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Diagnosing Cervical Spondylosis with Flexibility Tests and X-Rays

Neck x-ray for diagnosing arthritis or other conditions.
Neck x-ray for diagnosing arthritis or other conditions. plepraisaeng

As with most neck and back diagnostic processes, your doctor will gather information about your neck arthritis by taking a history and doing a physical exam. 

MRI for Neck Arthritis

And when it comes to imaging (i.e., x-rays, MRI, CT scans and the like) the gold standard is an MRI, especially for determining the source of nerve symptoms such as pain, pins and needles, numbness or weakness going down one arm. The reason is, an MRI may help your doctor to see not only your bones, but your soft tissues and nerves as well. It may help her to accurately estimate how much unimpeded space is left in the areas that house nerves, namely your spinal canal and intervertebral foramen. 

X-Rays for Neck Arthritis

X-rays are also used when diagnosing arthritis in the neck, as they allow your doctor to visualize how your spinal alignment, including any spondylolisthesis, or forward slippage of a vertebra, contributes to central canal stenosis. (Spinal stenosis is a progressed form of osteoarthritis.)

If you don’t have nerve symptoms, you may only need an x-ray. The strength of an x-ray is its ability to show what’s going on with bones, so in lieu of pain or other symptoms, having one may alert your doctor to things like narrowing in your disc space, bone spurs, loss of neck curve, facet joint hypertrophy, and any decrease in your spinal canal diameter (as mentioned above.)  It can also help her classify cervical spondylosis in elderly people as mild, moderate or severe.

CT Scans for Neck Arthritis

A CT scan (CAT scan) is another diagnostic imaging test commonly given to people with cervical spondylosis. A CT scan is like an x-ray except that it takes multiple images of the inside of the body, and puts them together to display a cross section of the area. The quality of the image is better than that of an x-ray, which may allow your doctor to better study your spinal canal, neural foramen, and any changes in your bones that have occurred since the last CT scan.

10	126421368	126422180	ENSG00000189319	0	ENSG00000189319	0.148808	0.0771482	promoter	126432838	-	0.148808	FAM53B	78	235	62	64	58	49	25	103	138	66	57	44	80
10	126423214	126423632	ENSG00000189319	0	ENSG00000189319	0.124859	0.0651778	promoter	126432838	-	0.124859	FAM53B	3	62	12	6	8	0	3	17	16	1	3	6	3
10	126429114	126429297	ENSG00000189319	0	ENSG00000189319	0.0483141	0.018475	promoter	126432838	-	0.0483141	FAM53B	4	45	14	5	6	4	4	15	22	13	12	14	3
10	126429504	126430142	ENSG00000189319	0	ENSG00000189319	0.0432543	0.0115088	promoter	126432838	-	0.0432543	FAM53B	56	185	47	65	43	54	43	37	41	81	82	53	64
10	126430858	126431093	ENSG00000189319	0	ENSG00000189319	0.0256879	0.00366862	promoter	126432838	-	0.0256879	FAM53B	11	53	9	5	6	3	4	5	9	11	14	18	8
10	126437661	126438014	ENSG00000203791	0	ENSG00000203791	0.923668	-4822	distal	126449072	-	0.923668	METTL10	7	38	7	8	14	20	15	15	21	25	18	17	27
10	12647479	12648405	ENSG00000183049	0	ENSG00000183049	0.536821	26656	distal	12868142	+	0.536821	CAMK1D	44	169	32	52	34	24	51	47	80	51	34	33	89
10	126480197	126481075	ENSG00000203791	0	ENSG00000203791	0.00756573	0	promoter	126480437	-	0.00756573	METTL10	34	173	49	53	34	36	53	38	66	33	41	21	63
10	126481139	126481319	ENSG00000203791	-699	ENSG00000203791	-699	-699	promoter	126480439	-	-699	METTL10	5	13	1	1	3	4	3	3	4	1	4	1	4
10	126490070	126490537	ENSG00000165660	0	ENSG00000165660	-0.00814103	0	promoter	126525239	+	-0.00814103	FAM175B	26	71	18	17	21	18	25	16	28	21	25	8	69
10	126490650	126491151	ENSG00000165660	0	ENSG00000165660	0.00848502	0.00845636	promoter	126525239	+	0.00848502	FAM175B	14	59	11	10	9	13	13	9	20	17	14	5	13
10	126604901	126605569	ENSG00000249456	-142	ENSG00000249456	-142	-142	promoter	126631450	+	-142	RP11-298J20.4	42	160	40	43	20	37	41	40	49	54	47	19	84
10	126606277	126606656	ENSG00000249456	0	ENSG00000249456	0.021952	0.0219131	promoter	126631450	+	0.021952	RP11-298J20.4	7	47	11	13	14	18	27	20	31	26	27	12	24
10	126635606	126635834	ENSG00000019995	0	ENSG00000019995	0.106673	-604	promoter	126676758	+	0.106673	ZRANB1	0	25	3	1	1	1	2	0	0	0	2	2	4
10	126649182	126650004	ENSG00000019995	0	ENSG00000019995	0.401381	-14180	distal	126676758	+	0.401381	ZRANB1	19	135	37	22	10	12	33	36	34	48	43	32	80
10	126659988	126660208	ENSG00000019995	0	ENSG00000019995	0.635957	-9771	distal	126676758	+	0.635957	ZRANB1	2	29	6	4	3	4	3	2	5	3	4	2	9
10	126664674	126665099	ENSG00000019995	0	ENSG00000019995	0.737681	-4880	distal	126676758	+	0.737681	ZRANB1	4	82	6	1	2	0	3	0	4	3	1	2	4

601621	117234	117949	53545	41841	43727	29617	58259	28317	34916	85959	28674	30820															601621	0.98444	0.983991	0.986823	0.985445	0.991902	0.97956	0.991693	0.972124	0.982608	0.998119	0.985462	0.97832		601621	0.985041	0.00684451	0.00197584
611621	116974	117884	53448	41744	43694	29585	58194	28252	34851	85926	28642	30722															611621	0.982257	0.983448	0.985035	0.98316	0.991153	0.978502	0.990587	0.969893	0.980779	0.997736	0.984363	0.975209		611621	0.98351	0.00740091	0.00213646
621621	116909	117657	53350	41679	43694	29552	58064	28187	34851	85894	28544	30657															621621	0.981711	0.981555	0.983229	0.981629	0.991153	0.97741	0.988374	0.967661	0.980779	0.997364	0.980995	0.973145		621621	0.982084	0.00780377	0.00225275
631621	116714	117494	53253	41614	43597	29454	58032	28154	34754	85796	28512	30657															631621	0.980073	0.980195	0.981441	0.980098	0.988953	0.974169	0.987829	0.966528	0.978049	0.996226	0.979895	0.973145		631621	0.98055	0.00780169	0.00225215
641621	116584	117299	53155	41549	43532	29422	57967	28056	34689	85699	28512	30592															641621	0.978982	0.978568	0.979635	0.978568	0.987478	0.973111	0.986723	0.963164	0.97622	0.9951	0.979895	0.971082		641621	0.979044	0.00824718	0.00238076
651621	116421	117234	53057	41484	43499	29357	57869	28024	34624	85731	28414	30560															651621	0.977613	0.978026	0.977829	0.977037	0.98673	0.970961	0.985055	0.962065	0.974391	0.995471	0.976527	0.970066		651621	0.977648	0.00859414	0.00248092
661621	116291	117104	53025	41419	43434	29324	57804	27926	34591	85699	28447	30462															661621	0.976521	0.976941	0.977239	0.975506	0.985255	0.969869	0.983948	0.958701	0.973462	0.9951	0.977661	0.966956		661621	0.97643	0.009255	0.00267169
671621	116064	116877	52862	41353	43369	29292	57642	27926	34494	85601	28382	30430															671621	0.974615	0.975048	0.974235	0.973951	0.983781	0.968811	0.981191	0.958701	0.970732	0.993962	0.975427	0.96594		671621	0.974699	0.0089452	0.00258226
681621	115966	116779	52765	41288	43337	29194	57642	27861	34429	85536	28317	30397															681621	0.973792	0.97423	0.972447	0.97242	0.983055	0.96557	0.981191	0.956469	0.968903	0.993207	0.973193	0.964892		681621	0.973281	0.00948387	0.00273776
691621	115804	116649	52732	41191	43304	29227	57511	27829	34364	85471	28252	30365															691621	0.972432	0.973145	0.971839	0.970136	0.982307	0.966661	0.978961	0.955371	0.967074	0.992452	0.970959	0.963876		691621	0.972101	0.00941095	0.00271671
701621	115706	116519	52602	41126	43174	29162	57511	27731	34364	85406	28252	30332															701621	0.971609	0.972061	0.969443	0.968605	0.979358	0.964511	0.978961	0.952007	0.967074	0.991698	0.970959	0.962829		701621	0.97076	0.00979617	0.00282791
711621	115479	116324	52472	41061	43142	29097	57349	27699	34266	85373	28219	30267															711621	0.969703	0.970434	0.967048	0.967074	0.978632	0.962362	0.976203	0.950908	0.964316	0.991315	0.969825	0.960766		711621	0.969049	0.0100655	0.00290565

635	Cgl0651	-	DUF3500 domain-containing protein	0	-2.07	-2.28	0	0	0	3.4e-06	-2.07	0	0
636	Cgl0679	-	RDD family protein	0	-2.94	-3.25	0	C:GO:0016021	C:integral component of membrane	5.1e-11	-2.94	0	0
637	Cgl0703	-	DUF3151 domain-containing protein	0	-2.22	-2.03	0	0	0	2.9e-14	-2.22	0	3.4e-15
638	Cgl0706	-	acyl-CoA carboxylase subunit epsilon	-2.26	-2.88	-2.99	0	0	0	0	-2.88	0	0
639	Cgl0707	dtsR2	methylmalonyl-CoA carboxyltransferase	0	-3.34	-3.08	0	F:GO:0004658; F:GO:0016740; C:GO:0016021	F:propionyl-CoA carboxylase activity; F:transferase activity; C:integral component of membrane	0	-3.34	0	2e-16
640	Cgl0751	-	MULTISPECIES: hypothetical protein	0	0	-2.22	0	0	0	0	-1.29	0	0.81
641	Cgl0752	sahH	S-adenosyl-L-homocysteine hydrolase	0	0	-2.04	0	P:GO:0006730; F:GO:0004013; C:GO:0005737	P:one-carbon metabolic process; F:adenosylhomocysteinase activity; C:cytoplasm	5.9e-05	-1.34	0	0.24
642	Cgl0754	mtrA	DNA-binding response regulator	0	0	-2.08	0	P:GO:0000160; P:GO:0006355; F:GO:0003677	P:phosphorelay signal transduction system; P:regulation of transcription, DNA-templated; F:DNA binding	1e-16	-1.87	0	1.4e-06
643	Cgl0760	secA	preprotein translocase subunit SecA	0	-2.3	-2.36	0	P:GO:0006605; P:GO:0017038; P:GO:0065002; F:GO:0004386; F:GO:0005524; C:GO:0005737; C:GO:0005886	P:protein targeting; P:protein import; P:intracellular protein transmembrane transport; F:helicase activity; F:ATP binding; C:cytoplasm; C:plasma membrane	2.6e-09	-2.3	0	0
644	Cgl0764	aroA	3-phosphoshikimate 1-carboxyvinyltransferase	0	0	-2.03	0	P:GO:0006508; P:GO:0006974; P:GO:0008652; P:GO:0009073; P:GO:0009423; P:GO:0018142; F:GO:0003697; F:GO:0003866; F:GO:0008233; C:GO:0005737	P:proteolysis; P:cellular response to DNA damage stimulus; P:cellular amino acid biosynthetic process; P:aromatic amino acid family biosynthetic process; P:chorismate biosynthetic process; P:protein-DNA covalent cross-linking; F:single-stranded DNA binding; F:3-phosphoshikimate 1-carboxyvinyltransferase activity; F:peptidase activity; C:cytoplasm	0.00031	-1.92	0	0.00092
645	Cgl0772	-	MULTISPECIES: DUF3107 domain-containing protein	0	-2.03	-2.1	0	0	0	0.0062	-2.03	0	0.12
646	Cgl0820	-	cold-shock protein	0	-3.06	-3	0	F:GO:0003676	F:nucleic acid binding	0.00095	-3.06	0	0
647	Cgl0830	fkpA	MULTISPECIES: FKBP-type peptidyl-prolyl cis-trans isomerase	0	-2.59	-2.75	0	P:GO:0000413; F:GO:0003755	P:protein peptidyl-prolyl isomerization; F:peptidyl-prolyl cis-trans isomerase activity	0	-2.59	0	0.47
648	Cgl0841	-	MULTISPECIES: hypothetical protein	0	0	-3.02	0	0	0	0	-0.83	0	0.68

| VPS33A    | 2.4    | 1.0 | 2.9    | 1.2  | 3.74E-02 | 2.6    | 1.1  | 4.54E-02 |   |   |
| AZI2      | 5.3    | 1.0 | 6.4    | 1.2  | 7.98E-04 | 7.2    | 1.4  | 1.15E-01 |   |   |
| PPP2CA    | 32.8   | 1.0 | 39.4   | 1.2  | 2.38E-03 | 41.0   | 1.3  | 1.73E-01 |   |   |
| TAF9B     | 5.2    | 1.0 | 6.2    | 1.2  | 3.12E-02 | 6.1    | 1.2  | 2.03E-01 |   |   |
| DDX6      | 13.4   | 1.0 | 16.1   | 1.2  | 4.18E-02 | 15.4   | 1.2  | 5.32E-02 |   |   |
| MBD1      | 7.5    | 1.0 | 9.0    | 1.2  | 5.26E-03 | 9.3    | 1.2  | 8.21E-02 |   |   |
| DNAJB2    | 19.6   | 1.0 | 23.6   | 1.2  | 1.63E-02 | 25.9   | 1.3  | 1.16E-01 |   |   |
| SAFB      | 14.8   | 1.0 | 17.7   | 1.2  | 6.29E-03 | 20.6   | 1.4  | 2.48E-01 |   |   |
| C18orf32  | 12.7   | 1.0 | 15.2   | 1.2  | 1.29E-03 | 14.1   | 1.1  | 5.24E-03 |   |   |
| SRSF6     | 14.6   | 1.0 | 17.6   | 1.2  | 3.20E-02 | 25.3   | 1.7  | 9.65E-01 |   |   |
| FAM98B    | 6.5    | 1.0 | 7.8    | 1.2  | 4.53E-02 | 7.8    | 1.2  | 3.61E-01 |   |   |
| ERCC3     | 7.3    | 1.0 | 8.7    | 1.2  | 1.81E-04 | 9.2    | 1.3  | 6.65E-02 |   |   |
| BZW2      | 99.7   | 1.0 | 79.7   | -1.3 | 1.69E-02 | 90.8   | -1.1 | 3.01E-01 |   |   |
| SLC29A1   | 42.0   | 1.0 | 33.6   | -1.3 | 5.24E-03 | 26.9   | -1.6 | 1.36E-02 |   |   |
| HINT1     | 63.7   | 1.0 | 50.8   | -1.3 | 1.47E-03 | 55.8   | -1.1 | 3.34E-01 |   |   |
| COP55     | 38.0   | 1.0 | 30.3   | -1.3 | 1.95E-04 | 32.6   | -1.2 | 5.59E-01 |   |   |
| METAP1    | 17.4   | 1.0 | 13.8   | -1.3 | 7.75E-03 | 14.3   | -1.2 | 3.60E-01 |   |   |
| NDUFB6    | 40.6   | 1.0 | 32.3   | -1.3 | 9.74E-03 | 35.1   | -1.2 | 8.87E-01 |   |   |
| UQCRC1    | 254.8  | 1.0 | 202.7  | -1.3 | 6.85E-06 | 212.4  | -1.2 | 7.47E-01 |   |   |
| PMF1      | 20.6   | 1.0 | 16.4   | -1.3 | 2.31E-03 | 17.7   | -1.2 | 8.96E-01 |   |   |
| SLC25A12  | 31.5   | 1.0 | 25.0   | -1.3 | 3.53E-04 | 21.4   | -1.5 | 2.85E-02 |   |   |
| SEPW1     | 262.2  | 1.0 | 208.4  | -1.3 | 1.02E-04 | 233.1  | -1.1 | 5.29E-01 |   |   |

Myelography is used to visualize your nerve roots; this is where the spinal cord branches out to become spinal nerves. There’s also CT myelography which some practitioners prefer because it is thought to have lower false-positive results (compared to myelography.) CT myelography is most often used when surgery is involved, as opposed to first time or asymptomatic diagnosis.

Nerve Conduction Study

And finally, another type of test that doctors use to diagnose (or confirm a diagnosis of) radiculopathy is a nerve conduction study.

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Arthritis in the Neck - Treatment

Pain relievers
Pain relievers. Peter Dazeley/Photographer's Choice/Getty Images

Your primary care doctor or general internist may be able to provide treatment for your cervical spondylosis. That said, many a referral to a specialist is made for neck arthritis. Referrals to rheumatologists, neurologists, and orthopedic or neuro-surgeons are common.

But surgery is not generally given for neck arthritis. Instead, conservative care (see below for more information) may help you control pain and slow the progression of the disease.

Signs you may need surgery include pain that's difficult or impossible to control, and/or nerve problems, for example, pins and needles or other electrical sensations, numbness and/or weakness down one arm) that over time continue to worsen.

If you do need surgery, you may be looking at a laminectomy, also known as decompression surgery. 

Physical Therapy for Arthritis in the Neck

If your symptoms are mild or moderate, and if you do not have progressive nerve problems, you may only need conservative care. This may involve one or more of the following:

  • ·Nonsteroidal anti–inflammatory drugs (NSAIDs) including aspirin, naproxen or ibuprofen to help reduce inflammation and relieve pain.
  •  Analgesics, such as acetaminophen (Tylenol) for pain relief only.
  •  Corticosteroid injections to treat radiating pain and to reduce inflammation.
  • ·Nerve blocks for temporary pain relief.
  • ·Restricting but not eliminating physical activity.
  • ·Cervical collar for support and stabilization during the healing period.
  • ·Exercise and, as mentioned above physical therapy.

Referrals to physical therapists are made for conservative care that can be tailored to your symptoms and condition.

Source:

AAOS. Cervical Spondylosis (Arthritis of the Neck.) OrthInfo. American Academy of Orthopaedic Surgeons website. August 2015.
Rana, S., M.D., et. al. Diagnosis and Management of Cervical Spondylosis Clinical Presentation. Medscape website. Last Updated: Aug 2015.